I pride myself on doing my research thoroughly and efficiently—as my course, Rein in Your Research attests. Yet the one topic I always have to investigate again and again when I write novels set before the 17th century concerns measurement. Many of the units and types of measurement we take for granted weren’t in common use before then, if they existed at all. Which makes describing how far, how long, how much time etc. a bit trickier than it might seem.

Our everyday obsession with measurement is only a few centuries old.

Face it: The concept of measurement saturates everything we do—at least in the West. I have an Apple Watch that measures the time, the temperature outside, my activity level, and my pulse rate. It also times my hand-washing to 20 seconds and rewards me with digital confetti.

Everywhere I look when I’m working, something is there to monitor the day slipping away, minute by minute. It wasn’t always like that, which is important to realize when you’re writing medieval historical fiction.

Talking about minutes is a hard habit to break.

It’s so easy to slip into using modern units of measurement when trying to indicate time, distance, seasons, and money. But back in the thirteenth century, people experienced all of those aspects of life differently from the way we do today. Units of time are especially slippery, in that they creep in so surreptitiously that it’s easy to make mistakes.

Egyptian Clock

Oldest existing sundial

But let’s back up a second. We actually owe the concept of dividing a day into 12 parts to the Egyptians. The reason for 12, apparently, is that it’s a number that can be counted on the finger joints of one hand (minus the thumb). Who knew?

That’s all well and good, but how long was each of those divisions, or hours? Fixed-length hours didn’t come into being until much later, with Hipparchus (active 147–127 BCE). He based the divisions of periods of light and dark on their lengths on the day of the equinox. Nonetheless, most people still used the unequal hours for centuries after that, until mechanical clocks came to Europe in the 14th century.

Minutes are an old concept too, but not in Europe.

As to why sixty minutes in an hour? That started with the Babylonians, who made astronomical calculations in base 60. These calculations translated to latitude and longitude (don’t ask me exactly how). From there, we creep closer to hours, minutes, and seconds. I’m going to let Michael A. Lombardi, a metrologist in the Time and Frequency Division at the National Institute of Standards and Technology in Boulder, Colo., explain:

In his treatise Almagest (circa A.D. 150), Claudius Ptolemy explained and expanded

Elephant clock

on Hipparchus’ work by subdividing each of the 360 degrees of latitude and longitude into smaller segments. Each degree was divided into 60 parts, each of which was again subdivided into 60 smaller parts. The first division, partes minutae primae, or first minute, became known simply as the “minute.” The second segmentation, partes minutae secundae, or “second minute,” became known as the second.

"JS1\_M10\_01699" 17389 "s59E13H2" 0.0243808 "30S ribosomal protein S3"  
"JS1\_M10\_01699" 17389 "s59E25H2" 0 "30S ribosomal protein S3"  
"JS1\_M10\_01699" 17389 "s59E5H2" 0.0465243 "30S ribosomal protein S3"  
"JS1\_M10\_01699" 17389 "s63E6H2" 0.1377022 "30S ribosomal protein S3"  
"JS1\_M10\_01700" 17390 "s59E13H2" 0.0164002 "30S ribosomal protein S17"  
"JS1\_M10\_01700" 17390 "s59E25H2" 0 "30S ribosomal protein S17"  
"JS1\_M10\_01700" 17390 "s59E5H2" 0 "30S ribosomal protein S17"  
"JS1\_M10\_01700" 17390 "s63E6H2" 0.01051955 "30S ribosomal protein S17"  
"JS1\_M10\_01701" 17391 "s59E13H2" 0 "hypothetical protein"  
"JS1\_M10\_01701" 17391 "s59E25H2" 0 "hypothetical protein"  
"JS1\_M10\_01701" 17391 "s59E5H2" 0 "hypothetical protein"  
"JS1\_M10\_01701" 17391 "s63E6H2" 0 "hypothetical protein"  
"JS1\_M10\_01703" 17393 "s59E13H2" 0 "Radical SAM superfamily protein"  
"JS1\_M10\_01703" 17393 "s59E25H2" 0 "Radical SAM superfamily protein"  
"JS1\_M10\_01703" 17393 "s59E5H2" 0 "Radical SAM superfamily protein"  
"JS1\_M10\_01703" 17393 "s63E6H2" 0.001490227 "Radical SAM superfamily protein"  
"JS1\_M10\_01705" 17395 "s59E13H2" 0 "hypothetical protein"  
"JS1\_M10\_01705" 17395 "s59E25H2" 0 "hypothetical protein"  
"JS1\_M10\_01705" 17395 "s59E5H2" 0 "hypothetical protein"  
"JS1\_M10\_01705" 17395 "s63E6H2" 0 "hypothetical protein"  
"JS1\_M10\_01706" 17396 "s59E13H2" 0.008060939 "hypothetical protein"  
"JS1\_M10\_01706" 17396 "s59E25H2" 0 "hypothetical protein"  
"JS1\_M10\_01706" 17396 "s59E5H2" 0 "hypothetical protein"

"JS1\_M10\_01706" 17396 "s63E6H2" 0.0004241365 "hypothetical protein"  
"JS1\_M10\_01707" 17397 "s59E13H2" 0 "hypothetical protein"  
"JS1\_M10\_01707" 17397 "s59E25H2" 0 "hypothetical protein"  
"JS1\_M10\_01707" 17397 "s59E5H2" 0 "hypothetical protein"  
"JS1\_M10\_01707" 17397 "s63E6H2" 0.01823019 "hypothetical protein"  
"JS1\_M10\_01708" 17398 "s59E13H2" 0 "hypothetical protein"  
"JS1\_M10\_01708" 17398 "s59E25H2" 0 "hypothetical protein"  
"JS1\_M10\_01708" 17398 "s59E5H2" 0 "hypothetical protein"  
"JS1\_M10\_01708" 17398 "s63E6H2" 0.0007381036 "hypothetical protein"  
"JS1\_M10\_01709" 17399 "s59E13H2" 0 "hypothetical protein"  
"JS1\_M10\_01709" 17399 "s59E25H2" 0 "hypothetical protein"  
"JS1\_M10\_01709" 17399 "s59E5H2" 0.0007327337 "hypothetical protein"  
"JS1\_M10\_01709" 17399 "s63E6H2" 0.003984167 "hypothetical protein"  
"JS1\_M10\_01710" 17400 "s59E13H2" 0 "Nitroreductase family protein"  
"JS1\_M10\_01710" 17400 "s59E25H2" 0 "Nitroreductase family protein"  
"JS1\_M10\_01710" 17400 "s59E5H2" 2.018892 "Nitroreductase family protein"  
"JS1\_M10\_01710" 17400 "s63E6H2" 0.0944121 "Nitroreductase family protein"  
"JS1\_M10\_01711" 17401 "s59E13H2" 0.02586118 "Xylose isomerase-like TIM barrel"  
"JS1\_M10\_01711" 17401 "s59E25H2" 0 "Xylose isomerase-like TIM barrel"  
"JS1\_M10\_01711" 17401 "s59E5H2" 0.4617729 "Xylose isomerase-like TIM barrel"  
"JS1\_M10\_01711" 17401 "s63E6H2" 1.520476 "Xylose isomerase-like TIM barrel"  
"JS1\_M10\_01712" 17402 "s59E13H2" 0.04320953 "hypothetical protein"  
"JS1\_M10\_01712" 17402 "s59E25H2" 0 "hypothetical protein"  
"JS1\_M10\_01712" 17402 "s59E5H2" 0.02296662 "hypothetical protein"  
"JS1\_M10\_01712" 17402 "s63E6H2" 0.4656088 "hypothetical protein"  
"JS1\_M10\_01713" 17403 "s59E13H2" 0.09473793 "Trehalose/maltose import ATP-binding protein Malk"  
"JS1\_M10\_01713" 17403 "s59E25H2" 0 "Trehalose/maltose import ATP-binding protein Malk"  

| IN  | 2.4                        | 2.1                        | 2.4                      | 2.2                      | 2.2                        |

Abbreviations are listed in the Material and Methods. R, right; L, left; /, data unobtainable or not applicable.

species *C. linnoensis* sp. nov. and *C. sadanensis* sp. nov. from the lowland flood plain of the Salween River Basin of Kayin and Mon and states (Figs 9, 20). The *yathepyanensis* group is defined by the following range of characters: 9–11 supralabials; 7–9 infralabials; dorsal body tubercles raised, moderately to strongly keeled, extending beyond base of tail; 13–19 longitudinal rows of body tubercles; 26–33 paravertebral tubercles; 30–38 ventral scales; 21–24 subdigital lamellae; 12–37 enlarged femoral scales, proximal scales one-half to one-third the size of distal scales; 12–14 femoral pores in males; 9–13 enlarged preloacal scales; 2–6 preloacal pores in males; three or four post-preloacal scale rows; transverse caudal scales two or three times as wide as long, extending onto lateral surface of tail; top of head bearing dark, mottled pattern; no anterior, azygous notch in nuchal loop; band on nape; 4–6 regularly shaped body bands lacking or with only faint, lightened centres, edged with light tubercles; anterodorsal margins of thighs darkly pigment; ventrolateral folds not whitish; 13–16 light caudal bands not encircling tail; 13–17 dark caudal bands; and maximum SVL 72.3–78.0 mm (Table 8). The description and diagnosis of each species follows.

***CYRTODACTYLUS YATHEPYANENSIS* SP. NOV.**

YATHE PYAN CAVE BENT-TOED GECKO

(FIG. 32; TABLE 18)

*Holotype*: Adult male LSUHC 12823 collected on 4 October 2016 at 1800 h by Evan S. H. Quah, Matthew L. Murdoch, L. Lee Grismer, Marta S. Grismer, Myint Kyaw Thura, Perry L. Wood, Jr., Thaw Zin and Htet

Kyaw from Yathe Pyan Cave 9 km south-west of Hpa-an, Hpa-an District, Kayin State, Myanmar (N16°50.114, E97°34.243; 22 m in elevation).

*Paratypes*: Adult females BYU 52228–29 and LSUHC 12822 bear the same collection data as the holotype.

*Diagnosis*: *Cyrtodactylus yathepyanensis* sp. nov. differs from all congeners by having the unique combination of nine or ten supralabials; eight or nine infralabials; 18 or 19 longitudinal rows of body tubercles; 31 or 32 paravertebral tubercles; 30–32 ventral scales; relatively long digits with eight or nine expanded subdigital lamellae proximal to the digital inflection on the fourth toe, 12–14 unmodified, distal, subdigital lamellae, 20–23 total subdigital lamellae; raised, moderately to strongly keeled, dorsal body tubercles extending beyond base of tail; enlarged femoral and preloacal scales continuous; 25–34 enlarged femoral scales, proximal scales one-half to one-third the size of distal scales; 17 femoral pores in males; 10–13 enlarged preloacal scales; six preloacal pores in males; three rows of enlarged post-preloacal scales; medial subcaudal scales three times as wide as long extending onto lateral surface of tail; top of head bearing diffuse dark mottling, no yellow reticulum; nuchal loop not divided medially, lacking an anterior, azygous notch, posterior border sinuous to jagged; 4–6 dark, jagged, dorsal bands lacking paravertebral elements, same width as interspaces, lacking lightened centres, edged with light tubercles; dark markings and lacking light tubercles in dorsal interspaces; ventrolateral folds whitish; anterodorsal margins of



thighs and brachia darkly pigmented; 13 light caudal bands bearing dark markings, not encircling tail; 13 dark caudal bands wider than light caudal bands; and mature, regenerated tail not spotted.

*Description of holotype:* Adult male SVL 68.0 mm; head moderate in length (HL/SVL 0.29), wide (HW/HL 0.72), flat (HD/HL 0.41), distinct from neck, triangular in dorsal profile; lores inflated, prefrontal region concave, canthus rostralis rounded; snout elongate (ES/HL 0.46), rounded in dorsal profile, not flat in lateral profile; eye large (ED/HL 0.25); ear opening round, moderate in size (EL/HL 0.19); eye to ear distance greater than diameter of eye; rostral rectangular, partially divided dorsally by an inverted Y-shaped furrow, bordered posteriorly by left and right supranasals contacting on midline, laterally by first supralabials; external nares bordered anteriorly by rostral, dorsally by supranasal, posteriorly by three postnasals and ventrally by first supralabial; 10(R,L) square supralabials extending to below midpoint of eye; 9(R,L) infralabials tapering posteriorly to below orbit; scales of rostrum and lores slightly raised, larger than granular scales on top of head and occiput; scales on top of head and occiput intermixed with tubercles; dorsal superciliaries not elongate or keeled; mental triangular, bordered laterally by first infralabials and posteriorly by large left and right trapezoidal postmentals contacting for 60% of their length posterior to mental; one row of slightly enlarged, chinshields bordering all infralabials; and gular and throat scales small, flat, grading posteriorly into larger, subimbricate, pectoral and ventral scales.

It’s actually all pretty complicated. And although the calculations and the technology was there, clocks that actually indicated minutes didn’t appear until the 16th century. If you want to know more, read this article in Scientific American.

Just to confuse things, the Catholic Church had its own hours.

The nine canonical hours in the medieval church were not hours as defined by the Egyptians. They divided the day (and night) into fixed times of prayer, most of which were three hours apart. Why were there nine? I’m tempted to believe the hours of prayer were created to make it impossible for monks and nuns to either work or sleep uninterrupted. You judge, from the Wikipedia entry on canonical hours:

  • Vigil (eighth hour of night: 2 a.m.)
  • Matins (a later portion of Vigil, from 3 a.m. to dawn)
  • Lauds (dawn; approximately 5 a.m., but varies seasonally)
  • Prime (early morning, the first hour of daylight, approximately 6 a.m.)
  • Terce (third hour, 9 a.m.)
  • Sext (sixth hour, noon)
  • Nones (ninth hour, 3 p.m.)
  • Vespers (sunset, approximately 6 p.m.)
  • Compline (end of the day before retiring, approximately 7 p.m.)

Of course, if Compline prayers took place as early as 7 p.m. instead of 9 p.m. and the monks or nuns didn’t attend Vigil (which was one of the minor hours), they would have an 8-hour sleep.

In any case, that doesn’t answer the question of why. Apparently it’s in the Bible somewhere.

The fact is, in communities close to an abbey or monastery, the bells calling the brethren to prayer would have served to mark the time of day. That and, of course, the sun.

Why all this matters when writing medieval historical fiction is that there was no such thing as, say, ten o’clock. Or “I’ll be there in a minute.” Or “Just a second.” That’s actually a good thing, because it forces a writer back in time to inhabit the character and really embody how that character would have experienced or been aware of the time.

All this reminds me of my years in London, when a clever way to say “I’ll be right there” was, “I’ll be there in two shakes of a lamb’s tail.” That definitely would have worked in the Middle Ages!